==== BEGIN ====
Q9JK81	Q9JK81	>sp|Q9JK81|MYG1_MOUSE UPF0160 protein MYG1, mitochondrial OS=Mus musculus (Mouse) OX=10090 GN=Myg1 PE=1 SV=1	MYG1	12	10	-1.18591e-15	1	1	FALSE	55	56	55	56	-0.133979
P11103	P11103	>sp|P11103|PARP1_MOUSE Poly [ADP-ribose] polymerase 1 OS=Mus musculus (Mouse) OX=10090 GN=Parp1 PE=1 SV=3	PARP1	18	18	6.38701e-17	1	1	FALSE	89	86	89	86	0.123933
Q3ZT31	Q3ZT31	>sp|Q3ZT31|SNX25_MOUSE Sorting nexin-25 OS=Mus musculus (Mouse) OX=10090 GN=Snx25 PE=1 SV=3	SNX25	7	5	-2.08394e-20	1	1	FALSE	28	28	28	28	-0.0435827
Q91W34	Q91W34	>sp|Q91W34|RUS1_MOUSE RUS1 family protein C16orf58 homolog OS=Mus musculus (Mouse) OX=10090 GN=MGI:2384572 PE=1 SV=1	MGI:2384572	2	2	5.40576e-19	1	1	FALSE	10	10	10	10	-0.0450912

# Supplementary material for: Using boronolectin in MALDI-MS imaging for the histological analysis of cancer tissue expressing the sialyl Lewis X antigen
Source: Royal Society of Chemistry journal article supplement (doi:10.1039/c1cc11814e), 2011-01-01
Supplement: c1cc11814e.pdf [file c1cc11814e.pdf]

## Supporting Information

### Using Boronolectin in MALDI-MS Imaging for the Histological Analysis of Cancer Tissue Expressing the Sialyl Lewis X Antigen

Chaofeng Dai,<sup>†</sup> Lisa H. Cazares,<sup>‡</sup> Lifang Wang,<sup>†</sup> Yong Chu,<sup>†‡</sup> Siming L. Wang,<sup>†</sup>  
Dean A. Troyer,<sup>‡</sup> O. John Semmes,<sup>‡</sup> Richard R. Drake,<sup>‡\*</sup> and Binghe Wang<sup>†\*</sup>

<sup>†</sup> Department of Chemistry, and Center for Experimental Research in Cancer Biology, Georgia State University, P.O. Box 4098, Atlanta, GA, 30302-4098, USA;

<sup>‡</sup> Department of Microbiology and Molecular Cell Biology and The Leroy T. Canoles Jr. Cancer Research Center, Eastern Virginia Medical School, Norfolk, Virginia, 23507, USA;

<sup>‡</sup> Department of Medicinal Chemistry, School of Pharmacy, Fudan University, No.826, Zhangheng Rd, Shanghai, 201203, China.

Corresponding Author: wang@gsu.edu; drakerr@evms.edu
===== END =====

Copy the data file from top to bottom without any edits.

Q9JK81	Q9JK81	>sp|Q9JK81|MYG1_MOUSE UPF0160 protein MYG1, mitochondrial OS=Mus musculus (Mouse) OX=10090 GN=Myg1 PE=1 SV=1	MYG1	12	10	-1.18591e-15	1	1	FALSE	55	56	55	56	-0.133979
P11103	P11103	>sp|P11103|PARP1_MOUSE Poly [ADP-ribose] polymerase 1 OS=Mus musculus (Mouse) OX=10090 GN=Parp1 PE=1 SV=3	PARP1	18	18	6.38701e-17	1	1	FALSE	89	86	89	86	0.123933
Q3ZT31	Q3ZT31	>sp|Q3ZT31|SNX25_MOUSE Sorting nexin-25 OS=Mus musculus (Mouse) OX=10090 GN=Snx25 PE=1 SV=3	SNX25	7	5	-2.08394e-20	1	1	FALSE	28	28	28	28	-0.0435827
Q91W34	Q91W34	>sp|Q91W34|RUS1_MOUSE RUS1 family protein C16orf58 homolog OS=Mus musculus (Mouse) OX=10090 GN=MGI:2384572 PE=1 SV=1	MGI:2384572	2	2	5.40576e-19	1	1	FALSE	10	10	10	10	-0.0450912

# Supplementary material for: Using boronolectin in MALDI-MS imaging for the histological analysis of cancer tissue expressing the sialyl Lewis X antigen
Source: Royal Society of Chemistry journal article supplement (doi:10.1039/c1cc11814e), 2011-01-01
Supplement: c1cc11814e.pdf [file c1cc11814e.pdf]

## Supporting Information

### Using Boronolectin in MALDI-MS Imaging for the Histological Analysis of Cancer Tissue Expressing the Sialyl Lewis X Antigen

Chaofeng Dai,<sup>†</sup> Lisa H. Cazares,<sup>‡</sup> Lifang Wang,<sup>†</sup> Yong Chu,<sup>†‡</sup> Siming L. Wang,<sup>†</sup>  
Dean A. Troyer,<sup>‡</sup> O. John Semmes,<sup>‡</sup> Richard R. Drake,<sup>‡\*</sup> and Binghe Wang<sup>†\*</sup>

<sup>†</sup> Department of Chemistry, and Center for Experimental Research in Cancer Biology, Georgia State University, P.O. Box 4098, Atlanta, GA, 30302-4098, USA;

<sup>‡</sup> Department of Microbiology and Molecular Cell Biology and The Leroy T. Canoles Jr. Cancer Research Center, Eastern Virginia Medical School, Norfolk, Virginia, 23507, USA;

<sup>‡</sup> Department of Medicinal Chemistry, School of Pharmacy, Fudan University, No.826, Zhangheng Rd, Shanghai, 201203, China.

Corresponding Author: wang@gsu.edu; drakerr@evms.edu